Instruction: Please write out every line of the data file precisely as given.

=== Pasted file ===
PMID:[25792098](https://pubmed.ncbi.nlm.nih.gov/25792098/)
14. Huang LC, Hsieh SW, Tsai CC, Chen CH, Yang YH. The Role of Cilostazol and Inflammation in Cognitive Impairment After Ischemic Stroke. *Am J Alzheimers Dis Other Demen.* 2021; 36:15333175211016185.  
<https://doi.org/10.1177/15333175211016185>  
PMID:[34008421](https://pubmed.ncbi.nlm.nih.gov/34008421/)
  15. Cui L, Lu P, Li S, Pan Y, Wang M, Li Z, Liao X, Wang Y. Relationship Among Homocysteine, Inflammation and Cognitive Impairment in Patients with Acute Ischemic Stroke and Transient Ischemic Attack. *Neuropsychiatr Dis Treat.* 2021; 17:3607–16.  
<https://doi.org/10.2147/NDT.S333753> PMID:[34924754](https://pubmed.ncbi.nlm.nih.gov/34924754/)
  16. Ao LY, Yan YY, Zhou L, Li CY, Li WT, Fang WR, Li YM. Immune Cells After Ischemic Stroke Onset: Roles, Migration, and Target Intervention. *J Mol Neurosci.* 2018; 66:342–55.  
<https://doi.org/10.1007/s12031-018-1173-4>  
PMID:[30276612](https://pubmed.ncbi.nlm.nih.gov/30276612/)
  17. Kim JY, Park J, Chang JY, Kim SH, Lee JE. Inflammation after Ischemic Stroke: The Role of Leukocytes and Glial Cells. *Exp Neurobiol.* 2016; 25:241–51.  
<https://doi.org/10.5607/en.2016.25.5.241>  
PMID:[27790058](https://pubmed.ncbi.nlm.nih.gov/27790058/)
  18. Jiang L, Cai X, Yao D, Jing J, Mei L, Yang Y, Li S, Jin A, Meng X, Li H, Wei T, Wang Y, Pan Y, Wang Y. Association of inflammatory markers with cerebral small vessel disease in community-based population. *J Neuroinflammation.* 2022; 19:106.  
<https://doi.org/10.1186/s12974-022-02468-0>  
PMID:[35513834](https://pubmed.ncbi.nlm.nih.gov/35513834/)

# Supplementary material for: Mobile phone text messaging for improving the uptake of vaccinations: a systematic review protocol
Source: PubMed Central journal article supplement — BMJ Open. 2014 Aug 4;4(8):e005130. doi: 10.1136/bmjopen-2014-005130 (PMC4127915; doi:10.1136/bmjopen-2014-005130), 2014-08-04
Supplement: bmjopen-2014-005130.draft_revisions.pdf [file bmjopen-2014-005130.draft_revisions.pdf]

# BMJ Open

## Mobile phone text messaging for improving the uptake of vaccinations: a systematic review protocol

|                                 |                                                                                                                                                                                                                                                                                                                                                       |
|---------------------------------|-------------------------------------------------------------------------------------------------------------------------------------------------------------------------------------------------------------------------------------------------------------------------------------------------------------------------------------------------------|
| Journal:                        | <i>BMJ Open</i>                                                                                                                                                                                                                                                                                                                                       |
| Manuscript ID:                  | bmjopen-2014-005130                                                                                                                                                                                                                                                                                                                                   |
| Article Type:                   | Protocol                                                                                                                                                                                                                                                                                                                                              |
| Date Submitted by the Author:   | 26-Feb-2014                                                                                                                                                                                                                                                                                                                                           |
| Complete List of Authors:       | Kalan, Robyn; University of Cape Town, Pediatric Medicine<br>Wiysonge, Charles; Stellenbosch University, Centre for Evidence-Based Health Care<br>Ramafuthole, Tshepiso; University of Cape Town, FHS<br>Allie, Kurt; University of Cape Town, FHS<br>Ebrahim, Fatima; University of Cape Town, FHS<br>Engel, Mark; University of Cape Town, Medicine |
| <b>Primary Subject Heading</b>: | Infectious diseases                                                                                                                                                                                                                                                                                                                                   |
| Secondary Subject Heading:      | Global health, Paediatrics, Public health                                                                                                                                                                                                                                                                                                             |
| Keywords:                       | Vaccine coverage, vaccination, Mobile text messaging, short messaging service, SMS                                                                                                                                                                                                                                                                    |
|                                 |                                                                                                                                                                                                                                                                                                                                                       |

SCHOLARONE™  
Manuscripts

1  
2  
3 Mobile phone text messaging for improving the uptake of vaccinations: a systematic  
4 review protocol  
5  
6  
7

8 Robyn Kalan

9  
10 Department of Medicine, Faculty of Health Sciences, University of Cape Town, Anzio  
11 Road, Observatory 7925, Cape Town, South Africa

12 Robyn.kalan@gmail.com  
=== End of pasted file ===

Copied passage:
PMID:[25792098](https://pubmed.ncbi.nlm.nih.gov/25792098/)
14. Huang LC, Hsieh SW, Tsai CC, Chen CH, Yang YH. The Role of Cilostazol and Inflammation in Cognitive Impairment After Ischemic Stroke. *Am J Alzheimers Dis Other Demen.* 2021; 36:15333175211016185.  
<https://doi.org/10.1177/15333175211016185>  
PMID:[34008421](https://pubmed.ncbi.nlm.nih.gov/34008421/)
  15. Cui L, Lu P, Li S, Pan Y, Wang M, Li Z, Liao X, Wang Y. Relationship Among Homocysteine, Inflammation and Cognitive Impairment in Patients with Acute Ischemic Stroke and Transient Ischemic Attack. *Neuropsychiatr Dis Treat.* 2021; 17:3607–16.  
<https://doi.org/10.2147/NDT.S333753> PMID:[34924754](https://pubmed.ncbi.nlm.nih.gov/34924754/)
  16. Ao LY, Yan YY, Zhou L, Li CY, Li WT, Fang WR, Li YM. Immune Cells After Ischemic Stroke Onset: Roles, Migration, and Target Intervention. *J Mol Neurosci.* 2018; 66:342–55.  
<https://doi.org/10.1007/s12031-018-1173-4>  
PMID:[30276612](https://pubmed.ncbi.nlm.nih.gov/30276612/)
  17. Kim JY, Park J, Chang JY, Kim SH, Lee JE. Inflammation after Ischemic Stroke: The Role of Leukocytes and Glial Cells. *Exp Neurobiol.* 2016; 25:241–51.  
<https://doi.org/10.5607/en.2016.25.5.241>  
PMID:[27790058](https://pubmed.ncbi.nlm.nih.gov/27790058/)
  18. Jiang L, Cai X, Yao D, Jing J, Mei L, Yang Y, Li S, Jin A, Meng X, Li H, Wei T, Wang Y, Pan Y, Wang Y. Association of inflammatory markers with cerebral small vessel disease in community-based population. *J Neuroinflammation.* 2022; 19:106.  
<https://doi.org/10.1186/s12974-022-02468-0>  
PMID:[35513834](https://pubmed.ncbi.nlm.nih.gov/35513834/)

# Supplementary material for: Mobile phone text messaging for improving the uptake of vaccinations: a systematic review protocol
Source: PubMed Central journal article supplement — BMJ Open. 2014 Aug 4;4(8):e005130. doi: 10.1136/bmjopen-2014-005130 (PMC4127915; doi:10.1136/bmjopen-2014-005130), 2014-08-04
Supplement: bmjopen-2014-005130.draft_revisions.pdf [file bmjopen-2014-005130.draft_revisions.pdf]

# BMJ Open

## Mobile phone text messaging for improving the uptake of vaccinations: a systematic review protocol

|                                 |                                                                                                                                                                                                                                                                                                                                                       |
|---------------------------------|-------------------------------------------------------------------------------------------------------------------------------------------------------------------------------------------------------------------------------------------------------------------------------------------------------------------------------------------------------|
| Journal:                        | <i>BMJ Open</i>                                                                                                                                                                                                                                                                                                                                       |
| Manuscript ID:                  | bmjopen-2014-005130                                                                                                                                                                                                                                                                                                                                   |
| Article Type:                   | Protocol                                                                                                                                                                                                                                                                                                                                              |
| Date Submitted by the Author:   | 26-Feb-2014                                                                                                                                                                                                                                                                                                                                           |
| Complete List of Authors:       | Kalan, Robyn; University of Cape Town, Pediatric Medicine<br>Wiysonge, Charles; Stellenbosch University, Centre for Evidence-Based Health Care<br>Ramafuthole, Tshepiso; University of Cape Town, FHS<br>Allie, Kurt; University of Cape Town, FHS<br>Ebrahim, Fatima; University of Cape Town, FHS<br>Engel, Mark; University of Cape Town, Medicine |
| <b>Primary Subject Heading</b>: | Infectious diseases                                                                                                                                                                                                                                                                                                                                   |
| Secondary Subject Heading:      | Global health, Paediatrics, Public health                                                                                                                                                                                                                                                                                                             |
| Keywords:                       | Vaccine coverage, vaccination, Mobile text messaging, short messaging service, SMS                                                                                                                                                                                                                                                                    |
|                                 |                                                                                                                                                                                                                                                                                                                                                       |

SCHOLARONE™  
Manuscripts

1  
2  
3 Mobile phone text messaging for improving the uptake of vaccinations: a systematic  
4 review protocol  
5  
6  
7

8 Robyn Kalan

9  
10 Department of Medicine, Faculty of Health Sciences, University of Cape Town, Anzio  
11 Road, Observatory 7925, Cape Town, South Africa

12 Robyn.kalan@gmail.com  